When you read through the lists of books that were previously banned in Australia but are now available, you can see how we aren’t/weren’t allowed to talk about sex. We also don’t talk about Aboriginal history. Not talking about sex is still a common theme in today’s Australian censorship standards:

Publications will be refused classification (RC) that:

  1. describe, depict, express or otherwise deal with matters of sex, drug misuse or addiction, crime, cruelty, violence or revolting or abhorrent phenomena in such a way that they offend against the standards of morality, decency and propriety generally accepted by reasonable adults to the extent that they should not be classified; or
  2. describe or depict in a way that is likely to cause offence to a reasonable adult, a person who is, or appears to be, a child under 18 (whether the person is engaged in sexual activity or not); or
  3. promote, incite or instruct in matters of crime or violence

Publications (except RC publications) will be classified as Category 2 Restricted that:

  1. explicitly depict sexual or sexually related activity between consenting adults in a way that is likely to cause offence to a reasonable adult; or
  2. depict, describe or express revolting or abhorrent phenomena in a way that is likely to cause offence to a reasonable adult and are unsuitable for a minor to see or read

Publications (except RC publications and Category 2 restricted publications) will be classified as Category 1 Restricted that:

  1. explicitly depict nudity, or describe or impliedly depict sexual or sexually related activity between consenting adults, in a way that is likely to cause offence to a reasonable adult; or
  2. describe or express in detail violence or sexual activity between consenting adults in a way that is likely to cause offence to a reasonable adult; or
  3. are unsuitable for a minor to see or read. Source.

Now obviously the classifications could be very broadly interpreted and implemented. Plenty of books have themes around drug use and abuse, crime is an entire genre, cruelty is in any political memoir, and violence could be retitled thriller. We don’t tend to see those titles banned or restricted. So what does get restricted? As an example, American Psycho has a Category 1 restriction on it and is sold in shrink-wrapping… you know, just in case the words leak out and accidentally encourage someone to take up cannibalism or investment banking.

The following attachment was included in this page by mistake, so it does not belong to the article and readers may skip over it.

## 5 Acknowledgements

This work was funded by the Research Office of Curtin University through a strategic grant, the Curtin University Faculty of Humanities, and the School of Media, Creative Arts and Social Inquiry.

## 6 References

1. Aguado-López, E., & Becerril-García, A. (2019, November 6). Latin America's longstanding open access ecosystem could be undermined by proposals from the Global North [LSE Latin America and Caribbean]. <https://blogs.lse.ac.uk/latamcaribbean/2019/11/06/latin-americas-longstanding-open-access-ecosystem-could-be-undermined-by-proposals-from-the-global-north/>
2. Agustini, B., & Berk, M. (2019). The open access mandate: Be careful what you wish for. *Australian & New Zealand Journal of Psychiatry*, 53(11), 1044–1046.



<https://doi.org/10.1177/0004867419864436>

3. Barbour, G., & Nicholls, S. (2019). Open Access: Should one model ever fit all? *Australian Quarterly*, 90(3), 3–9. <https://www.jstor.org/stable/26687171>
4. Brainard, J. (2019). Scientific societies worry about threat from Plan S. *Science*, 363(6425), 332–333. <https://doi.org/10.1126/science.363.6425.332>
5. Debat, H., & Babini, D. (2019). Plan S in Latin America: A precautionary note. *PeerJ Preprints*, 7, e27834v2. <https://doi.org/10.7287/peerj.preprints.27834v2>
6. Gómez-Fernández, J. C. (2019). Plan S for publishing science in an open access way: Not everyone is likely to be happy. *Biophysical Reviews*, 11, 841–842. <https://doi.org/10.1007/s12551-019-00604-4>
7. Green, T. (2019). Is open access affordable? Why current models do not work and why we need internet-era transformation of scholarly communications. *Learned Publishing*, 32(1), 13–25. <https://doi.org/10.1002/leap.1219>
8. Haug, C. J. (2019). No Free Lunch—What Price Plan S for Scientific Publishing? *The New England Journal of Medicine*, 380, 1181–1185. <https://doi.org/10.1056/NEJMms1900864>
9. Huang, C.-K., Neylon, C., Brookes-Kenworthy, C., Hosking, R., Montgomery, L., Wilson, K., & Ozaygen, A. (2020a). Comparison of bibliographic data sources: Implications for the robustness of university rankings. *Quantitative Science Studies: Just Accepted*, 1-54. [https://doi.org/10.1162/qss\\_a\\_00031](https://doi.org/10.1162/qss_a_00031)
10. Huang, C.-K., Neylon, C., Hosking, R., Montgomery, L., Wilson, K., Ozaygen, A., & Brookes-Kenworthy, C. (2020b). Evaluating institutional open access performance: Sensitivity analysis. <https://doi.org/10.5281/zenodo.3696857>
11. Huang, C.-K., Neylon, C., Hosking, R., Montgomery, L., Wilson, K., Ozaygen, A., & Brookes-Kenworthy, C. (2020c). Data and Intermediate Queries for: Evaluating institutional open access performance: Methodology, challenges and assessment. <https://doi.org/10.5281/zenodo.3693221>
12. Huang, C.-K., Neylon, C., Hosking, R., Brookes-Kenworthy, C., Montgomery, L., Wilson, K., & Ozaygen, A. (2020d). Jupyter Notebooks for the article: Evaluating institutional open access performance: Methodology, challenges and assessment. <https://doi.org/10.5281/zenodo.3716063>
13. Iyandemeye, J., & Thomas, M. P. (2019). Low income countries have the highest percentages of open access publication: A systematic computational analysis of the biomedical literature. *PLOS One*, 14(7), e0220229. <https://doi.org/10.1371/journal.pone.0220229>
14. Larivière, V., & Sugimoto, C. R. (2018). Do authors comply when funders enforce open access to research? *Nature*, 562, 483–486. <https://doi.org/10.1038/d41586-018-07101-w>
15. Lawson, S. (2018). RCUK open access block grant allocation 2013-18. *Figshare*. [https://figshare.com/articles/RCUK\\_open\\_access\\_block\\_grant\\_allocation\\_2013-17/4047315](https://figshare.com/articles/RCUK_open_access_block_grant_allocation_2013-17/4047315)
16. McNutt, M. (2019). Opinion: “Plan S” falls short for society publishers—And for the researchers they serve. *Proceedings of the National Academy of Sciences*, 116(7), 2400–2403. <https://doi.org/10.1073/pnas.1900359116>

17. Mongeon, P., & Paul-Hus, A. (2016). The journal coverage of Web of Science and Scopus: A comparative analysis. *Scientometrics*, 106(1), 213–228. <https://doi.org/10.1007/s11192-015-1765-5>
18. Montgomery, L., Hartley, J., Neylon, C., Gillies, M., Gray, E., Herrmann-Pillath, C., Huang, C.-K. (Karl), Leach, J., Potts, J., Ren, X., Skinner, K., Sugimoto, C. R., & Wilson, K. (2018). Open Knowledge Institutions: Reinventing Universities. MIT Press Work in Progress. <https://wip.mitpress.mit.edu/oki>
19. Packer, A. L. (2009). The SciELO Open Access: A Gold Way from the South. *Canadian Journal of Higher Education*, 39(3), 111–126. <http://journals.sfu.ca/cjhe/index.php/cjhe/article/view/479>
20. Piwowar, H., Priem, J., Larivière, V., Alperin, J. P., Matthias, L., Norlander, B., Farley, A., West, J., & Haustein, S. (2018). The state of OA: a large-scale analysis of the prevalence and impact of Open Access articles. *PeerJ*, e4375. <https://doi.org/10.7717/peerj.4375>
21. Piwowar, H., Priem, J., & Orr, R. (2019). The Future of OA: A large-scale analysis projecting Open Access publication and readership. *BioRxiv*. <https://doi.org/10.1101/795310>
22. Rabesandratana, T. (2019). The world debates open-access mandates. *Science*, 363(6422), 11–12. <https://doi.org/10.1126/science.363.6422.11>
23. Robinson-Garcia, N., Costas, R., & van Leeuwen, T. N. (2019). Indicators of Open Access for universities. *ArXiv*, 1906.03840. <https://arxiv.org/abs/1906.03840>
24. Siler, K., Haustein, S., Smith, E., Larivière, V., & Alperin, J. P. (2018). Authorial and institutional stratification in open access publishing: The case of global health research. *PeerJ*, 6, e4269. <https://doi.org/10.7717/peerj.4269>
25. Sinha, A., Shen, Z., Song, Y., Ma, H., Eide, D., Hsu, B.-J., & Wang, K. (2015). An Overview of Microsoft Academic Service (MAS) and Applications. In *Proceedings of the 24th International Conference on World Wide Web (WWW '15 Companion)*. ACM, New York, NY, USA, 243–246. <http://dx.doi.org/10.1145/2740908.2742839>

The number of books impacted by an RC classification is minimal. The 2016-17 figures show none were banned, as compared to video games which had 2 titles banned.

Publications Classified in 2016-17. Source.

But it does show that a large number of titles were restricted in some way. This is without even touching on the censorship that occurs in access to titles, such as which titles are stocked in stores, which sites can be accessed to buy books, and what ends up in libraries. The restricted categorisation is clearly going to have impacts on where those titles will be available. So I wonder where the moral outrage is over this. Isn’t this Political Correctness Gone Mad? Or is it okay because the people who got outraged in the above video would be the “reasonable adults” who would be offended by these restricted titles?

Or maybe this would all require too much reading on behalf of those wanting to complain about books being banned.


Book Review: The Republic by Plato

The RepublicThe Republic by Plato

My rating: 4 of 5 stars

Old white guys sit around discussing how to set up a totalitarian military state with them as the rulers.

Plato’s famous text covers a lot of ground as it tries to establish what justice is. It covers politics, personal and political ethics, idealised states (democracy ranks third out of four), education, and virtue. The Republic is a heady read, whilst being fascinating.

The strawman style to the interlocuter dialogue did annoy me as a reader. Whilst it was in service of making a larger point, it did make the discourse feel more shallow than it is. Plato’s thinking was also amazingly progressive for an age that predates the enlightenment by the best part of a millennium. But this thinking was also confined by the times.

Plato, along with Socrates and Aristotle, were the drivers behind western society. Books like The Republic put forward a lot of ideas for discussion and dissection, opening the dialogue that would lead to progress. That alone makes The Republic worth reading, but I also found it was worth reading if only to see much of it in context rather than discussed second-hand. E.g. The famous allegory of the cave takes on a slightly different light when not viewed in isolation.

For a more detailed understanding:

View all my reviews

Book vs Movie: When the Book Is Better

'We are making a film of the book.'

PBS Digital Studios have a new video series It’s Lit! which is part of The Great American Read, an eight-part series that explores and celebrates the power of reading. Featuring one of the premiere video essayists in Lindsay Ellis, this series should be brilliant.

The first video briefly discusses a topic I’ve frequently discussed here, what makes a good adaptation and why the book is so often regarded as better.

Lindsay has very concisely summarised why movies so often don’t make for good or faithful adaptations of the source material. But she also touches on why they can sometimes improve the book, or make an adaptation that uses the source material in an interesting way to tell a different story.

If you aren’t already subscribed to Lindsay or PBS Digital Studios, you may want to do so now.